transgender woman who was fired while preparing to undergo
sex-change surgery was let go in violation of a state
antidiscrimination law, the head of Colorado's civil
rights agency in Denver has ruled. Advocates
praised the ruling, saying it was the first of its kind in
Colorado and a sign that society has begun to better
understand transgender people.
Danielle Cornwell, 54, claimed in a complaint
filed in April with the Civil Rights Division that she
was fired in July 2005 because she was a woman and
because she had recently told the company she planned to
undergo gender-reassignment surgery. Originally known as
David Michael Cornwell, she had realized while working
for Intermountain Testing Co. that she is a
transgender woman, according to the ruling. She began
assuming a feminine appearance and also told her employer
she planned to change her name and dress in women's clothing.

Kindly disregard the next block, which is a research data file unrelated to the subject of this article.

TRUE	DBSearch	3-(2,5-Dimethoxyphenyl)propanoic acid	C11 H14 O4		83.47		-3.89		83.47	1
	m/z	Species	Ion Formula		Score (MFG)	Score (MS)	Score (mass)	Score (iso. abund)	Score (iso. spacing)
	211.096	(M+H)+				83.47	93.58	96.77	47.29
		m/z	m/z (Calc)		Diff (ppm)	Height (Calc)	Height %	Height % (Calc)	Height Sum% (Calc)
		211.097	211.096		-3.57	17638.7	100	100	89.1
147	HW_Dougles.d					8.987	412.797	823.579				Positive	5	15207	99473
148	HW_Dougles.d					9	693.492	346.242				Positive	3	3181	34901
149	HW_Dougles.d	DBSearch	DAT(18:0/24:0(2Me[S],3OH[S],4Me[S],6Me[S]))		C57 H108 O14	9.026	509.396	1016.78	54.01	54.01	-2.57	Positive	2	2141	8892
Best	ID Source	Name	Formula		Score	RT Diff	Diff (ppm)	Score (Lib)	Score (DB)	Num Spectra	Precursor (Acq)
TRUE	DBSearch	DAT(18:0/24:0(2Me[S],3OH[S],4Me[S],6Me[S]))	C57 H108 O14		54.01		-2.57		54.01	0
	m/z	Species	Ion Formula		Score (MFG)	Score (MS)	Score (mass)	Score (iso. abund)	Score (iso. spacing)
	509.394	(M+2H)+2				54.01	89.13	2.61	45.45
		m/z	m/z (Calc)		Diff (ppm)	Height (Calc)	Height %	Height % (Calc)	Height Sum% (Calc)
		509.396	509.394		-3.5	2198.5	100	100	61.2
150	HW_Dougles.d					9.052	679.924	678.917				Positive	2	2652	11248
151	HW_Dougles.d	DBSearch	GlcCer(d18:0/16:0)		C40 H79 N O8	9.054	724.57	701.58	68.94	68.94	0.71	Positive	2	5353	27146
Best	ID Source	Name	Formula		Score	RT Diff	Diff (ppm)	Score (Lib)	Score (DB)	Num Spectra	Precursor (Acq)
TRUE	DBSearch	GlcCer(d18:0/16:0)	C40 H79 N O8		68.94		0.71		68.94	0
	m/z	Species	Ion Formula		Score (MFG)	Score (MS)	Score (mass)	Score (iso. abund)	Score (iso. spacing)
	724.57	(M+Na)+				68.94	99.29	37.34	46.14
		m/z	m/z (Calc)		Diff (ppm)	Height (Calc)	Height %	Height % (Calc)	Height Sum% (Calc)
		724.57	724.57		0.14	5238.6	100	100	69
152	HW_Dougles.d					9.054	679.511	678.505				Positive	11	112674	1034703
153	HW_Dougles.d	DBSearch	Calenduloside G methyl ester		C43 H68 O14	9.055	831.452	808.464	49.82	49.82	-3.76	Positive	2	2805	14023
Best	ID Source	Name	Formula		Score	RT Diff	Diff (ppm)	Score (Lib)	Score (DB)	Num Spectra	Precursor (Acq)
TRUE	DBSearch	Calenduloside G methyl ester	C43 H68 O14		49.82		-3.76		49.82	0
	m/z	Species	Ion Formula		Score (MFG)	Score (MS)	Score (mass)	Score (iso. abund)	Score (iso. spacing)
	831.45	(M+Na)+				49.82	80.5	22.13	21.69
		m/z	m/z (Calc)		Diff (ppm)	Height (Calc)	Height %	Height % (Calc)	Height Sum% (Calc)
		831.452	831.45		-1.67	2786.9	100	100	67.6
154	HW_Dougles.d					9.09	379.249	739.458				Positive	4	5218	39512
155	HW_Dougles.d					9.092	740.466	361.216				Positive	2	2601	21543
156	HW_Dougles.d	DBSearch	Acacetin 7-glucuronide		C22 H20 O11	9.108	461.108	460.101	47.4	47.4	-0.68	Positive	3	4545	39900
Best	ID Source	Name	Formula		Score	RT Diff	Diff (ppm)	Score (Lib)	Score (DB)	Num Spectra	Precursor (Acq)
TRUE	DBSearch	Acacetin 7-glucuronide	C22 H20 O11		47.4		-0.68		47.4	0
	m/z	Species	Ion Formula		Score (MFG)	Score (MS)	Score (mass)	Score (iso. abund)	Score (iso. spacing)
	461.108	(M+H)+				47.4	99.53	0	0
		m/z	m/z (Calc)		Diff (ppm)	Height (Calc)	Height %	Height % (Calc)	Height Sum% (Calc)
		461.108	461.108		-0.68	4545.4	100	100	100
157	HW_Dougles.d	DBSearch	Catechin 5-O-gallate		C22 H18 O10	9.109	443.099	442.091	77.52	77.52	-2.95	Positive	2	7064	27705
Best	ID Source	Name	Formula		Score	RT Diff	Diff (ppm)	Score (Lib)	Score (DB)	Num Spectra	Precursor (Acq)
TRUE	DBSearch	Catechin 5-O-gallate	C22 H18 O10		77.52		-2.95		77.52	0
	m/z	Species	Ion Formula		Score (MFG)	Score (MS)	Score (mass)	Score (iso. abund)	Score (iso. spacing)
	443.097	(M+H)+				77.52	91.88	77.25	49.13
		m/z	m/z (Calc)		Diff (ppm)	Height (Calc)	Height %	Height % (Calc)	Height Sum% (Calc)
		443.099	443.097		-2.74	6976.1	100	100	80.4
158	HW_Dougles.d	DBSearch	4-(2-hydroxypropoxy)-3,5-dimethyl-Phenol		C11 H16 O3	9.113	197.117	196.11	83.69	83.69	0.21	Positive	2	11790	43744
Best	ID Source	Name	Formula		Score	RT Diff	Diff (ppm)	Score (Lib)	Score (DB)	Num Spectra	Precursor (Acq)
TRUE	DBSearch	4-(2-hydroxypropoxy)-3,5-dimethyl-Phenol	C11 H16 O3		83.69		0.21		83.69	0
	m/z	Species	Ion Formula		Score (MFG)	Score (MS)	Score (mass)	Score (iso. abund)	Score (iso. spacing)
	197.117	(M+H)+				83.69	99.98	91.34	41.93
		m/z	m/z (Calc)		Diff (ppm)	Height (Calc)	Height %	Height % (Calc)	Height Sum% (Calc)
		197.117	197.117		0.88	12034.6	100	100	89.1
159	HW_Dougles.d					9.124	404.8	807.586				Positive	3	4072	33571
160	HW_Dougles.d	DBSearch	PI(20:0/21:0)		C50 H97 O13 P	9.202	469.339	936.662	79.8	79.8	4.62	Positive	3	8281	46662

The company, which uses X-rays and other methods
to test materials for the construction and
manufacturing industries, argued Cornwell was fired
because of a decline in business and because she had a low
In his August 21 decision, Civil Rights Division
director Wendell Pryor agreed Cornwell was fired
because she was a woman and said the evidence did not
support the company's claims. He said no other employees
doing similar work were fired.
"Given this, it appears that the [company's]
decision to discharge [Cornwell] was based on her
gender--female," Pryor wrote.
Intermountain Testing president Gary Bollerud
did not return a call seeking comment. His attorney,
John Husband, declined to comment as well.
The ruling means Cornwell and representatives of
her former employer will meet in October to try to
agree on a resolution, her attorney, John Hummel, said
Thursday. Cornwell said she would not seek to return to her
job. Hummel said such cases typically are resolved with a
"The well's been poisoned," Cornwell said.
Hummel, who works for the Legal Initiatives
Project of the Gay, Lesbian, Bisexual, and Transgender
Community Center of Colorado, said it was gratifying
that the agency did not find the case controversial.
"Maybe that's a sign of progress in society in beginning to
understand transgender people more than they had before," he
said. (Jon Sarche, AP)